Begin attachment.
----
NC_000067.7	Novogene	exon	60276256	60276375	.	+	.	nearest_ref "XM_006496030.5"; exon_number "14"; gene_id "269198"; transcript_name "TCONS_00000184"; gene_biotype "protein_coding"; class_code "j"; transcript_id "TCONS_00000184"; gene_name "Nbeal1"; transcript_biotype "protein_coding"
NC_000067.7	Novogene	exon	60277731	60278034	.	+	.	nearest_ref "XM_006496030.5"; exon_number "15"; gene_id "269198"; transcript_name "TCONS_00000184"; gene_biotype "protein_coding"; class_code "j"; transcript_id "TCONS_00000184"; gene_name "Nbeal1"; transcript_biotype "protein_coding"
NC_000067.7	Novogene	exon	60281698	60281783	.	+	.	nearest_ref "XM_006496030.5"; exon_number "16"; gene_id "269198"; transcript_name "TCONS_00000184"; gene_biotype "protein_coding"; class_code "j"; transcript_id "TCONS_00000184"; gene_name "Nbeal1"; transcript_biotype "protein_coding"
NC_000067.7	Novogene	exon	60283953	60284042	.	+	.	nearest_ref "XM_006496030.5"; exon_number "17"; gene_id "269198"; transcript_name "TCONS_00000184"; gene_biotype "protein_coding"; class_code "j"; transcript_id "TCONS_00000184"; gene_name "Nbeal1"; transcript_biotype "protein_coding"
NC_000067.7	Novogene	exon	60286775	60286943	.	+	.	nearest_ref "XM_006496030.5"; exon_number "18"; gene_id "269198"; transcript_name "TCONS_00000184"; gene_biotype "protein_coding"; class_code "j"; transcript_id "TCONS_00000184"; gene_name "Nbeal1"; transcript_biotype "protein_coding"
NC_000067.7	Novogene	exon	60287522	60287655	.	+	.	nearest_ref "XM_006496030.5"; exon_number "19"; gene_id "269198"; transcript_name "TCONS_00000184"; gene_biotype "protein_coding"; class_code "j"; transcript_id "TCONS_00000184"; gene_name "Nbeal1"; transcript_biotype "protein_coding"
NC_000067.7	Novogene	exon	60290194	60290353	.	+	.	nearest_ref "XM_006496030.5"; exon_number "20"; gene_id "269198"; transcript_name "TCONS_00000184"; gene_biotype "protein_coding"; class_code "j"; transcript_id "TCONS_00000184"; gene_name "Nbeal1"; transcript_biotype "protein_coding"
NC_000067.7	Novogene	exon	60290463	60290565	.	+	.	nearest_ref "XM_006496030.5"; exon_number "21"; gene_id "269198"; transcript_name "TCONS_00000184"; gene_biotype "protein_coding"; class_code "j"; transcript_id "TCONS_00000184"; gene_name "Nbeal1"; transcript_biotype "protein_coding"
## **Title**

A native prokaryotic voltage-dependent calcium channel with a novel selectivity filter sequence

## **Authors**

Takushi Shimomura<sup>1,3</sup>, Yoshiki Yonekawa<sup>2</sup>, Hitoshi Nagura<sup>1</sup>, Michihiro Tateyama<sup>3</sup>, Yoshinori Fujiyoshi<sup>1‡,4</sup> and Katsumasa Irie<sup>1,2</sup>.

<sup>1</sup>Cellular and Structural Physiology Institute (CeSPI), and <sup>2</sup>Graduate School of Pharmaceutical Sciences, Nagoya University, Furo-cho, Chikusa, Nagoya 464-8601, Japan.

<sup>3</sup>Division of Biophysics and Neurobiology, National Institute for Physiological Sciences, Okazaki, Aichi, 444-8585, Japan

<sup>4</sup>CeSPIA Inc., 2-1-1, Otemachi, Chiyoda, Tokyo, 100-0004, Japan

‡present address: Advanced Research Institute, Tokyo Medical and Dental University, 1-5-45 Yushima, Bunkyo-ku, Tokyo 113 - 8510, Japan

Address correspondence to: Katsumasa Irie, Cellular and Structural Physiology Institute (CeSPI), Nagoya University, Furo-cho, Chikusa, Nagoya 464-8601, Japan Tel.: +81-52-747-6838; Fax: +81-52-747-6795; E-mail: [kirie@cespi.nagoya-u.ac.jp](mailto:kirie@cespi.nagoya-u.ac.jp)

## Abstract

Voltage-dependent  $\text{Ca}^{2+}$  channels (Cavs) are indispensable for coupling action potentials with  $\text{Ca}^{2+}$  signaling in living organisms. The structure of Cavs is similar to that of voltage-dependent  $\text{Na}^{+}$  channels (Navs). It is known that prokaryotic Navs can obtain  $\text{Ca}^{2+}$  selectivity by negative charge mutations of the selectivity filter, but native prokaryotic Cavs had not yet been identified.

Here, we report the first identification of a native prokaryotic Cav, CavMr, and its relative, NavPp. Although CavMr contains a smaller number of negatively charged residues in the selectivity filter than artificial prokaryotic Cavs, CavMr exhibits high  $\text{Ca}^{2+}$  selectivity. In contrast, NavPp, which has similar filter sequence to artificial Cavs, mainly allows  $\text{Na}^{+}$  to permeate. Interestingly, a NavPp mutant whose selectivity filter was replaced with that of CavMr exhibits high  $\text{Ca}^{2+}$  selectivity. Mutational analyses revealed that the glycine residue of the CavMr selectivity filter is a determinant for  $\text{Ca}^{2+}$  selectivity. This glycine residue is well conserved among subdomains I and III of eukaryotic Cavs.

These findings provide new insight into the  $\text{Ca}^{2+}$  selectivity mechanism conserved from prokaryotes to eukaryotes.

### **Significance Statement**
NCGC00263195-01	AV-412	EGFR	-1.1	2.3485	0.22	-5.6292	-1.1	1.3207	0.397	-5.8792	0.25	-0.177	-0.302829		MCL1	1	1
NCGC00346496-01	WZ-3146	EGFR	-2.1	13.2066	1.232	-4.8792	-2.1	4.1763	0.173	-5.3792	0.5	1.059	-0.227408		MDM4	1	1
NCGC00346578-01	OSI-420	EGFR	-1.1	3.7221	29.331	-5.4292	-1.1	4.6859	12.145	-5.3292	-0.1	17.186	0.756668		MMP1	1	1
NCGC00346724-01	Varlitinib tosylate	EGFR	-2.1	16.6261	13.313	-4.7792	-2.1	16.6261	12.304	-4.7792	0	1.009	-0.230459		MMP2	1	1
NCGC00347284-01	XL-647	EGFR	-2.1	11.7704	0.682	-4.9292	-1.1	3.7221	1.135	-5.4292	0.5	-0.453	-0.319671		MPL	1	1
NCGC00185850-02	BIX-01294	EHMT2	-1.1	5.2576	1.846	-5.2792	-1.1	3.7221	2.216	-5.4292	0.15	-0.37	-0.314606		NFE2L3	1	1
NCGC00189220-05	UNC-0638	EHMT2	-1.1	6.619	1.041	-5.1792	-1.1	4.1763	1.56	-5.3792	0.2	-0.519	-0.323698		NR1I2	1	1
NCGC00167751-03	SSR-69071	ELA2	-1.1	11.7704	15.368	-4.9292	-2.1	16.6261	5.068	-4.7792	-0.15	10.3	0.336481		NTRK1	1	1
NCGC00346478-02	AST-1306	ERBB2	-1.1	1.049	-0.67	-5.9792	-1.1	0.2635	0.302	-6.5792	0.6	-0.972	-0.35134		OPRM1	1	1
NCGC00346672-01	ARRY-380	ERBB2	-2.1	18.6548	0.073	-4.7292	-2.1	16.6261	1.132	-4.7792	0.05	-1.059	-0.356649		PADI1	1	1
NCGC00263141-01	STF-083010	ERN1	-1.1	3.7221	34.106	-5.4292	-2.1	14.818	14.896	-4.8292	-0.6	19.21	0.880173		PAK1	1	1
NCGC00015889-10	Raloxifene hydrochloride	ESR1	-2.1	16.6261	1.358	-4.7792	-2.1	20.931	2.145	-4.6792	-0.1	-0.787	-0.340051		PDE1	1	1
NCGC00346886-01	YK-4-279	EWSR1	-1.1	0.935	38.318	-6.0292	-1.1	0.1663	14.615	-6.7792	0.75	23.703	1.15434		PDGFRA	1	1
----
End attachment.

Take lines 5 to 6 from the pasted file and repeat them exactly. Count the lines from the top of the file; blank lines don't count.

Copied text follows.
NC_000067.7	Novogene	exon	60286775	60286943	.	+	.	nearest_ref "XM_006496030.5"; exon_number "18"; gene_id "269198"; transcript_name "TCONS_00000184"; gene_biotype "protein_coding"; class_code "j"; transcript_id "TCONS_00000184"; gene_name "Nbeal1"; transcript_biotype "protein_coding"
NC_000067.7	Novogene	exon	60287522	60287655	.	+	.	nearest_ref "XM_006496030.5"; exon_number "19"; gene_id "269198"; transcript_name "TCONS_00000184"; gene_biotype "protein_coding"; class_code "j"; transcript_id "TCONS_00000184"; gene_name "Nbeal1"; transcript_biotype "protein_coding"